We engineers, we chant the mantra: “Code is read more than written.” And it’s true! We strive for maintainability, crafting clear, …
Have you ever found yourself spending too much time creating code to solve problems that do not currently exist? Writing unnecessary code can clutter your codebase and make it harder to maintain. This becomes even more of a time-wasting exercise when building a minimum viable product (MVP) that hasn’t yet launched. During the MVP phase, the focus should be on making it work and testing it in the market. Even with a product roadmap, detailed requirements for future features are often unknown.
Most overengineering mistakes can be attributed to two areas: speculative generality and premature optimization.
Speculative generality involves writing unused code that might be useful in the future. When we think about potential future uses, we tend to add unnecessary complexity and reduce code clarity. It’s crucial to distinguish between genuine requirements and speculative needs. Writing unnecessary code can create more problems than it solves, leading to confusion and unnecessary maintenance work.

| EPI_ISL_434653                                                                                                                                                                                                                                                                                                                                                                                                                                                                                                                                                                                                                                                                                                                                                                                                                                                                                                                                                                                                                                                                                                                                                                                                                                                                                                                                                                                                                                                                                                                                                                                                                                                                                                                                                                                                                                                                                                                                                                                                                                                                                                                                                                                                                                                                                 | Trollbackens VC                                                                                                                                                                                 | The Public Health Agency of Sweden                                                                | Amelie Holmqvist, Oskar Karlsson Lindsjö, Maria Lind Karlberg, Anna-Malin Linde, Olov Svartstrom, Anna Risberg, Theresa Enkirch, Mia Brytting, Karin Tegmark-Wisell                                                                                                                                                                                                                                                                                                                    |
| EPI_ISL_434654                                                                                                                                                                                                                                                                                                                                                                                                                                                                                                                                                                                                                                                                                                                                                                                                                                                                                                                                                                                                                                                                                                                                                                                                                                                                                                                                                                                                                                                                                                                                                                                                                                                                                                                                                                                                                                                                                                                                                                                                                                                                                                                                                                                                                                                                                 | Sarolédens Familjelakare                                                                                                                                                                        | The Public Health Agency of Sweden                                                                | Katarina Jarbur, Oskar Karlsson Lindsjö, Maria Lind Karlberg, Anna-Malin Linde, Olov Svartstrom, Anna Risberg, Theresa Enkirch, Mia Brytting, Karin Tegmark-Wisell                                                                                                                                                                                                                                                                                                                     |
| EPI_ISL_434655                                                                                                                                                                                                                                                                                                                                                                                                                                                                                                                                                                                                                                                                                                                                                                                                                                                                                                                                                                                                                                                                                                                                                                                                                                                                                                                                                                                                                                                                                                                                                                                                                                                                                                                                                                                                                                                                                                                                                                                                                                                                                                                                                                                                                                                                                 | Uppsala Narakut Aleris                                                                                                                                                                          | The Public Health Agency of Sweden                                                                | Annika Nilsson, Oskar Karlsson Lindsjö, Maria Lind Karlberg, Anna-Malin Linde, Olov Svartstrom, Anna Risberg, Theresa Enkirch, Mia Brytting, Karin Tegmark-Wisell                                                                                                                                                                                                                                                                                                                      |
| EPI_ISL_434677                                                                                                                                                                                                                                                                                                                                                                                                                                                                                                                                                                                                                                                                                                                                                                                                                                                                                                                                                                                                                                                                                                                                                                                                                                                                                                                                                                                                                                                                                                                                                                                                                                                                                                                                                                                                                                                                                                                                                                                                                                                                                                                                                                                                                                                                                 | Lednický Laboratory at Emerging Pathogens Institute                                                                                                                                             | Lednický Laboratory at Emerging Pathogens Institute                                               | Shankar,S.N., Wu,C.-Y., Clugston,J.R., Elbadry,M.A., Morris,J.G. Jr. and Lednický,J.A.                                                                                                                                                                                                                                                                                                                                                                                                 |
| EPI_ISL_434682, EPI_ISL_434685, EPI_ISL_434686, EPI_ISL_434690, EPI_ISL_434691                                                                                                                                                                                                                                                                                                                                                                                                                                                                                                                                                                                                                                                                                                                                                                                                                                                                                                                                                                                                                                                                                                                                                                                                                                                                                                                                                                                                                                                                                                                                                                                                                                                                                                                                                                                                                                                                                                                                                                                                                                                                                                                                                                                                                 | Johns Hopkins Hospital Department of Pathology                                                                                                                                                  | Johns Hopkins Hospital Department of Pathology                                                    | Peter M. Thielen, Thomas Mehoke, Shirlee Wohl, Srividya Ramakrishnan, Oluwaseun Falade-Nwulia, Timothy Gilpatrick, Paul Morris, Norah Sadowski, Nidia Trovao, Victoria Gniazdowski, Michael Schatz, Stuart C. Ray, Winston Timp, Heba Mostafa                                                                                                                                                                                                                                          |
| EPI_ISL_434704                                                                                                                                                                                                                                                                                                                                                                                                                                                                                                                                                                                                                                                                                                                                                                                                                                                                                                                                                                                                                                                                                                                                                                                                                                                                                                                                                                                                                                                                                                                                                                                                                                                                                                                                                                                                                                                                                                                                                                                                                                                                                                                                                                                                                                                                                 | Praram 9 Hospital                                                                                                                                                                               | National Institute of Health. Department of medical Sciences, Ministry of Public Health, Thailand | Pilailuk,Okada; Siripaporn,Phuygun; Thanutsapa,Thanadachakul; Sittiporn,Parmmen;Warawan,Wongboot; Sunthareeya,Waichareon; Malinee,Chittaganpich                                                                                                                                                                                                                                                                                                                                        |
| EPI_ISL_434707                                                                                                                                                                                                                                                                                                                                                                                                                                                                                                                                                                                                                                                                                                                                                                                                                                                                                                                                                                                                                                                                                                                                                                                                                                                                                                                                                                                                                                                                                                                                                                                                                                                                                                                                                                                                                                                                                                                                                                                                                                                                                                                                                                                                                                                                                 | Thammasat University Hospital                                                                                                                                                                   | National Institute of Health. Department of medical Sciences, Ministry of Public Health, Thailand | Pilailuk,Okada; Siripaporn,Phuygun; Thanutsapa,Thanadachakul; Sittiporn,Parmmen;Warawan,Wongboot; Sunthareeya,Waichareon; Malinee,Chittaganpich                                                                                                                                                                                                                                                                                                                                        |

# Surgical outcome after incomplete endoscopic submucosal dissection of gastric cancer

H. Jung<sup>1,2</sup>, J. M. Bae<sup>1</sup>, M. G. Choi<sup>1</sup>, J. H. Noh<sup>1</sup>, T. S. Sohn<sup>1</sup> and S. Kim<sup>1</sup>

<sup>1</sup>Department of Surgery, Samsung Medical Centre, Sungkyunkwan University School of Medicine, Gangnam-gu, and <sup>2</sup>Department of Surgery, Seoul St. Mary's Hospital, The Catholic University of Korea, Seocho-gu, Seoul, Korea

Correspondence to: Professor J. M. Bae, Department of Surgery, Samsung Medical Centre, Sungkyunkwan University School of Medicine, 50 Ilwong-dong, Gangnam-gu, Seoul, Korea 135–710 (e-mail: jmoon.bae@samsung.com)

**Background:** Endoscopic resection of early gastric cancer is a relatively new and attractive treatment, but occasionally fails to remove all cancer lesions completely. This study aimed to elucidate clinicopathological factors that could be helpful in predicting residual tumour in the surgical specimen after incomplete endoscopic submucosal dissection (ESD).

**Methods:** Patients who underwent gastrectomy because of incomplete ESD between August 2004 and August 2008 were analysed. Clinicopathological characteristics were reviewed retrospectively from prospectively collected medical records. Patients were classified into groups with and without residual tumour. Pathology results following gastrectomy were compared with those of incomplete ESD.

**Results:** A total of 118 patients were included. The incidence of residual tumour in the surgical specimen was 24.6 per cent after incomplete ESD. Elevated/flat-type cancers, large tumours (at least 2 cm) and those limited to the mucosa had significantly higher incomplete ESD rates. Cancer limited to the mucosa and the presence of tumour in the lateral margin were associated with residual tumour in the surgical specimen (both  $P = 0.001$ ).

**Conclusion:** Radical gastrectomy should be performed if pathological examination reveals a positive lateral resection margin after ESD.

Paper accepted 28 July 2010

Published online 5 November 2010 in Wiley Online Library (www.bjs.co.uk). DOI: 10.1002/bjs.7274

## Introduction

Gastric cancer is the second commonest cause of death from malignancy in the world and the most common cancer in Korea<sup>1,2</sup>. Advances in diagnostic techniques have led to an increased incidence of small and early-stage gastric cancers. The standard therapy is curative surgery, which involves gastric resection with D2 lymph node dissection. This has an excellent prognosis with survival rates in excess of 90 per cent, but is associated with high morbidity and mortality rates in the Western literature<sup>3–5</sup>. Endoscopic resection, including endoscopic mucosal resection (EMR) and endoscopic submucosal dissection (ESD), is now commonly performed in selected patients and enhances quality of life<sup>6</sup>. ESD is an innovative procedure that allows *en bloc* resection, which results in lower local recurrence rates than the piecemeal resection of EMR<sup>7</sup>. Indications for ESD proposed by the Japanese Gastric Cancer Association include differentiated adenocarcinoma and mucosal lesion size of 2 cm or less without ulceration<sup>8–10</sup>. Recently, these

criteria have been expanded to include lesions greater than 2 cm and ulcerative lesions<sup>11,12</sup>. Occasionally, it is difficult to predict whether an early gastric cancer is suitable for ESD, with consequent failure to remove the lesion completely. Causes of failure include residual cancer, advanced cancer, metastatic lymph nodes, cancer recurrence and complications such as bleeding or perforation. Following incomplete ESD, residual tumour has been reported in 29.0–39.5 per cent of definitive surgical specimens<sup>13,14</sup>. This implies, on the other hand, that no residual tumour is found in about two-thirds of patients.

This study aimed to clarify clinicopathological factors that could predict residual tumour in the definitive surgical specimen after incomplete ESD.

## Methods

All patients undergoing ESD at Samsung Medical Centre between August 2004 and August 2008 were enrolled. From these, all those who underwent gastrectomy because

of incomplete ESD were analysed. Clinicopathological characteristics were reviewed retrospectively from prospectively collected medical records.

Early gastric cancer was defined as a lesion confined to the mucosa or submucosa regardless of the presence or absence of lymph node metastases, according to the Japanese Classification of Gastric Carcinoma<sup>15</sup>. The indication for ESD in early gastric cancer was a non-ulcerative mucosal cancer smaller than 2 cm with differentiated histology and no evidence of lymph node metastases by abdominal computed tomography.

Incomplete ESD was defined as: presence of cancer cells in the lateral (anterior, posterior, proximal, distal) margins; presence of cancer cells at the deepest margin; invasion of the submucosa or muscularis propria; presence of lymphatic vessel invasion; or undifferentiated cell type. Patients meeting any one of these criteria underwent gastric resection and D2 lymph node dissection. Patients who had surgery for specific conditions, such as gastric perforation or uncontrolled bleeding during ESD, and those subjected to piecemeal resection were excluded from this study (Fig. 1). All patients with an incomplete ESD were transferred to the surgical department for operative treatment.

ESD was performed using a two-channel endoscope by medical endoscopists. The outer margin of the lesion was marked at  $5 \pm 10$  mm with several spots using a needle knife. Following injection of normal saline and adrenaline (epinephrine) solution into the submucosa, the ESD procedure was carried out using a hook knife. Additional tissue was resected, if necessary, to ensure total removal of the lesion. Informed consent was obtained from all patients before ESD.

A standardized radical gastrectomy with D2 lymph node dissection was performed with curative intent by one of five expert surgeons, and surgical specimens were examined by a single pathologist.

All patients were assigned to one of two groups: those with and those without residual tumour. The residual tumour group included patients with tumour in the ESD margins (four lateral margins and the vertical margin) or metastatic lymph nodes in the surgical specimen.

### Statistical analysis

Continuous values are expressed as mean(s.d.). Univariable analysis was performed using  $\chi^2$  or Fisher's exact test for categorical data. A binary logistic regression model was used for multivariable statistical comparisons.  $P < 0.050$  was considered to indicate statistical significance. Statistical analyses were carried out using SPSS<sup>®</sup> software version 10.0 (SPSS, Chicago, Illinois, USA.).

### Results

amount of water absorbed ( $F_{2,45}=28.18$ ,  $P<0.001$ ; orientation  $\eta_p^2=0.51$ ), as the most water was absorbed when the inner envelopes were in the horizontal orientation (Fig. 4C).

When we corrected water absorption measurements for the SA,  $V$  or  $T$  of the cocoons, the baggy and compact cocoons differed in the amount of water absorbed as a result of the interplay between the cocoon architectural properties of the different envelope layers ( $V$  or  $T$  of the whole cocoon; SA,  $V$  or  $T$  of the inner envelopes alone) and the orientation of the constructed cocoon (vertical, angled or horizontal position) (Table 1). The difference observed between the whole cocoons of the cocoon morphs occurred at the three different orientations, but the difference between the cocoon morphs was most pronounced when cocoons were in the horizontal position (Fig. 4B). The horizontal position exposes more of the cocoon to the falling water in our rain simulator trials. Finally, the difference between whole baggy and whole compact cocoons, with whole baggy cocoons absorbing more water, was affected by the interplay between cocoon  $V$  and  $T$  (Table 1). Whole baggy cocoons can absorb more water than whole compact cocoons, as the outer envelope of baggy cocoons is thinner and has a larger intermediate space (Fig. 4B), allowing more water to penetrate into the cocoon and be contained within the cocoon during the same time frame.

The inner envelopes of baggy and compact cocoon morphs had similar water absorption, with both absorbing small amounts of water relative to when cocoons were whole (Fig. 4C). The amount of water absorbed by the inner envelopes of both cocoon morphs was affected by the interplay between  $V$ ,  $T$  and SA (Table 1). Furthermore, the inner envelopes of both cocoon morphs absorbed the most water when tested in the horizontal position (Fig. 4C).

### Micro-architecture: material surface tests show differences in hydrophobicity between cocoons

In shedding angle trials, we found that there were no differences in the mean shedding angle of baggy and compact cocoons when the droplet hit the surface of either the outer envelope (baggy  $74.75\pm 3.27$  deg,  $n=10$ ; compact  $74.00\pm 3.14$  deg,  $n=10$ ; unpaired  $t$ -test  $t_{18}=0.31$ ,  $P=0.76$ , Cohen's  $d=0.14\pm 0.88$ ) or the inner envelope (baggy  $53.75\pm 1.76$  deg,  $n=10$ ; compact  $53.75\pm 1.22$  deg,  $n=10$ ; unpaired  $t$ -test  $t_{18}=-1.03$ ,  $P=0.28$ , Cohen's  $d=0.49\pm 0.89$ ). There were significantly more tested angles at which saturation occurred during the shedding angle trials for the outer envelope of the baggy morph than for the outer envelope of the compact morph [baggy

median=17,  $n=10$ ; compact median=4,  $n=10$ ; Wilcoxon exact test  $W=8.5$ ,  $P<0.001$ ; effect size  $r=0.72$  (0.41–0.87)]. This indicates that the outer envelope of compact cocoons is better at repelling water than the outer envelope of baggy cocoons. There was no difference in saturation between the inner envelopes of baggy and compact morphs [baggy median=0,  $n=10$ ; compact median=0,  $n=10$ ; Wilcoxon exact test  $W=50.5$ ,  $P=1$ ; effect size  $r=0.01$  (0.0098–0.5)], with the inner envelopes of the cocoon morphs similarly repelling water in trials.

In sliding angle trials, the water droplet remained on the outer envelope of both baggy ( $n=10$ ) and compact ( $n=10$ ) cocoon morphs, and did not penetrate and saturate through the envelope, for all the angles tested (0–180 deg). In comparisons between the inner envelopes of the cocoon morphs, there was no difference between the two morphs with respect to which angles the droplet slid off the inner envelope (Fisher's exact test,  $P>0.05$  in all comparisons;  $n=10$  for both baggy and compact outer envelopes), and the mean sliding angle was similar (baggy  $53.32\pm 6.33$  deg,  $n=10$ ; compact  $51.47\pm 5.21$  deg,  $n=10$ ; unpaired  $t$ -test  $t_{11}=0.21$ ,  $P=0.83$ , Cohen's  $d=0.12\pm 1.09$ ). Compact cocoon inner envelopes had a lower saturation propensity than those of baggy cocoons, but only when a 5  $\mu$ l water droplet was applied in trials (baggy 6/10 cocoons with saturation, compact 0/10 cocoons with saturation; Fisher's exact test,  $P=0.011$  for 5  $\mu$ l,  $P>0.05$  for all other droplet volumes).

Premature optimization occurs when we optimize for performance before the need arises. Often, we overengineer solutions to achieve a perceived performance gain that may not be necessary. It’s essential to focus on creating functional code that meets current requirements before diving into performance optimization. Optimizing too early can introduce increased complexity, longer development cycles, and other complications.
Striking the Balance
While it’s important to build a codebase that is extensible and scalable, it’s equally important to avoid overengineering for speculative future uses. The reality is that we often don’t know what the future holds in terms of requirements and challenges. Understanding the difference between overengineering and necessary flexibility is crucial to prevent unnecessary complexity. Striking a balance between building for the future and meeting current requirements is key.
In conclusion, it’s crucial to avoid the pitfalls of overengineering, which can result in unnecessary complexity, longer development cycles, and maintenance headaches. By focusing on creating functional code that meets current requirements and avoiding premature optimization and speculative generality, we can develop cleaner, more maintainable codebases that are easier to manage and scale over time.